The Australian
September 07, 2006
Greg Sheridan

A review involving heroes and villains, football and sadness, and many, many lives saved

IF you could see only one film concerning the war on terror, that film should be United 93, which is screening in cinemas. Monday is the fifth anniversary of the terror attacks on September 11 in New York, on the Pentagon and in Pennsylvania.

The film is a magnificent re-creation of the events on United Flight 93, the only one of the four hijacked planes that did not hit the terrorists' target. The actions of the passengers, who overpowered the terrorists but were unable to prevent the plane crashing, were the first successful counterattack by the West in the war on terror. There is a simple lesson from this remarkably powerful film, and that is that in the face of terror, civilised people, civilised nations, must fight back.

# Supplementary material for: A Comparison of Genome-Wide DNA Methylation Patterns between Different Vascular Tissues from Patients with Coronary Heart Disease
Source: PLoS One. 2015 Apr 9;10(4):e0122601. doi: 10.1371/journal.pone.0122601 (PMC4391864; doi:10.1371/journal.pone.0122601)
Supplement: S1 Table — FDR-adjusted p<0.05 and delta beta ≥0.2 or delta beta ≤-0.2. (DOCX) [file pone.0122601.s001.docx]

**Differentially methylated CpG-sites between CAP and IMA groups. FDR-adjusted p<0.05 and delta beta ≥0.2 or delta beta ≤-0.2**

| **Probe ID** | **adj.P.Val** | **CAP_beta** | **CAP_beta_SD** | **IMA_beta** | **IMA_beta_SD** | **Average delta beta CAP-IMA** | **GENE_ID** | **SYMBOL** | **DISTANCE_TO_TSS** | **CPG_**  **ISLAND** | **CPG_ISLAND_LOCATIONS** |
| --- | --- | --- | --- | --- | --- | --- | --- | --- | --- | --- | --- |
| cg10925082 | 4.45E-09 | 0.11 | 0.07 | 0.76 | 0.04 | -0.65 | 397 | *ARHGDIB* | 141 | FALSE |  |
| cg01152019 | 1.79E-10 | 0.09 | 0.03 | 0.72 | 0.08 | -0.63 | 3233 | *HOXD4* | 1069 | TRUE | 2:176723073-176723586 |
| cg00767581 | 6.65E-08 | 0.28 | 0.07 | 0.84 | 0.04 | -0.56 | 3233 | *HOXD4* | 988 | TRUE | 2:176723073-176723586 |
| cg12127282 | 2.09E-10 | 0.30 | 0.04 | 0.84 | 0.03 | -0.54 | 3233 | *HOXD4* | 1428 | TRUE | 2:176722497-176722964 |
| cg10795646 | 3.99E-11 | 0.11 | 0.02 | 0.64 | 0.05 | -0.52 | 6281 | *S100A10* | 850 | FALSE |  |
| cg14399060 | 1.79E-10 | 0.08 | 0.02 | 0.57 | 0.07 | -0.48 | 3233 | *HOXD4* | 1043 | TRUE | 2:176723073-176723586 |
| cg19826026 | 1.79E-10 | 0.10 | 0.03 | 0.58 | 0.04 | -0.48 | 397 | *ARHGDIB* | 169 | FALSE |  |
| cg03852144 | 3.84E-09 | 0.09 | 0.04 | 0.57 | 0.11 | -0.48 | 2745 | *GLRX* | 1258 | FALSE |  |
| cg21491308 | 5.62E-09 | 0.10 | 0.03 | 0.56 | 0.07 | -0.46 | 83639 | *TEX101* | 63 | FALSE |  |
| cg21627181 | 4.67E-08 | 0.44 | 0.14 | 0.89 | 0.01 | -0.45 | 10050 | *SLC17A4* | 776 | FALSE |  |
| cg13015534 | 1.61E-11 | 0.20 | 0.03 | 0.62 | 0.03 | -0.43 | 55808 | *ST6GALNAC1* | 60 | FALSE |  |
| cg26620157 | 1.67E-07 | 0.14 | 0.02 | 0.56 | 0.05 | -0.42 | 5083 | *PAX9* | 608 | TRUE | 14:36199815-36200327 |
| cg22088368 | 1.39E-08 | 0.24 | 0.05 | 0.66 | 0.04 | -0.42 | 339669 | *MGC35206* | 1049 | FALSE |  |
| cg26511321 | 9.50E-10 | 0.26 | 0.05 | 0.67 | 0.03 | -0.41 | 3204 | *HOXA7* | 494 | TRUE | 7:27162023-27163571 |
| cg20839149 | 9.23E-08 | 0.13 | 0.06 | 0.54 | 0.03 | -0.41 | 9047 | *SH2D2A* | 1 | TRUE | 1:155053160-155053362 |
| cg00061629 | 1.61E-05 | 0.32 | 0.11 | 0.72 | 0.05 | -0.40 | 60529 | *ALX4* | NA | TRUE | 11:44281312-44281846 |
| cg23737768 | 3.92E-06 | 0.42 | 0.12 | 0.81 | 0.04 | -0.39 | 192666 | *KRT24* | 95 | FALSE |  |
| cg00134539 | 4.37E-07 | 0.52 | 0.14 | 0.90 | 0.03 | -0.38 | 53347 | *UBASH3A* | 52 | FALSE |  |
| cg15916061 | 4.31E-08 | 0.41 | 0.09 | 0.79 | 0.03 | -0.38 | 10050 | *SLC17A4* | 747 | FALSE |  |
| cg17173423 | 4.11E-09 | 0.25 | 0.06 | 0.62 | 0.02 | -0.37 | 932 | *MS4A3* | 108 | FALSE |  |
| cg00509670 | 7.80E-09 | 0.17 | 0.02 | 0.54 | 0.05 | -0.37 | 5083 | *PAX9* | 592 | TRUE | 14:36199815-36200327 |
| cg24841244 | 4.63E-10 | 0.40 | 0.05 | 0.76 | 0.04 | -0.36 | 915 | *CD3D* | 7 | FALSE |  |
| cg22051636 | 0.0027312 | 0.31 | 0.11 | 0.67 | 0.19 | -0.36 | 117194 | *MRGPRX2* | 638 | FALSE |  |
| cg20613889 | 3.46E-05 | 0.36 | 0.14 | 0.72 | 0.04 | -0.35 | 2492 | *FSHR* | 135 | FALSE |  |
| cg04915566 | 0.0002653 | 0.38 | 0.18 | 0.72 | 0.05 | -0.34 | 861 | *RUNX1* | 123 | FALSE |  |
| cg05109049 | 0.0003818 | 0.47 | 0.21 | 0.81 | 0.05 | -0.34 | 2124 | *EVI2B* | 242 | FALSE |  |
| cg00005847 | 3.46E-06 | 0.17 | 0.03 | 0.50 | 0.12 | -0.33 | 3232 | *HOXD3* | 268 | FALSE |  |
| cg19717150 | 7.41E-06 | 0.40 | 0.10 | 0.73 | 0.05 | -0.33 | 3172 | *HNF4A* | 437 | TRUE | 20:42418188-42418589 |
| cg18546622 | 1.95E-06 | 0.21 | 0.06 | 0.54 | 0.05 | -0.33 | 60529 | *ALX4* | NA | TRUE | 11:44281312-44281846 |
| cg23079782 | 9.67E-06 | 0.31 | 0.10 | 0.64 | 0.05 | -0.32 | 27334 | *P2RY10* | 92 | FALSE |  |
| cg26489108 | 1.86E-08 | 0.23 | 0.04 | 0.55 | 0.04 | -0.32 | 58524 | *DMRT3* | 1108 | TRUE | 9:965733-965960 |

There is some guesswork in the film but much of the story is reconstructed by reference to the agonisingly beautiful phone calls the passengers made to their families during the flight's final minutes.

The universal humanity and decency of these phone calls is overwhelming: tell my wife I love her, we're going to fight back, say a prayer with me.

The passengers' reactions offer a reassuring glimpse into the civic heart of a Western democracy. This is not a plane load of trained soldiers, just ordinary folks, about their ordinary business. At first there is sheer shock at the startling violence of the hijackers, who rip their box cutters through the throats of several passengers and flight attendants to establish control.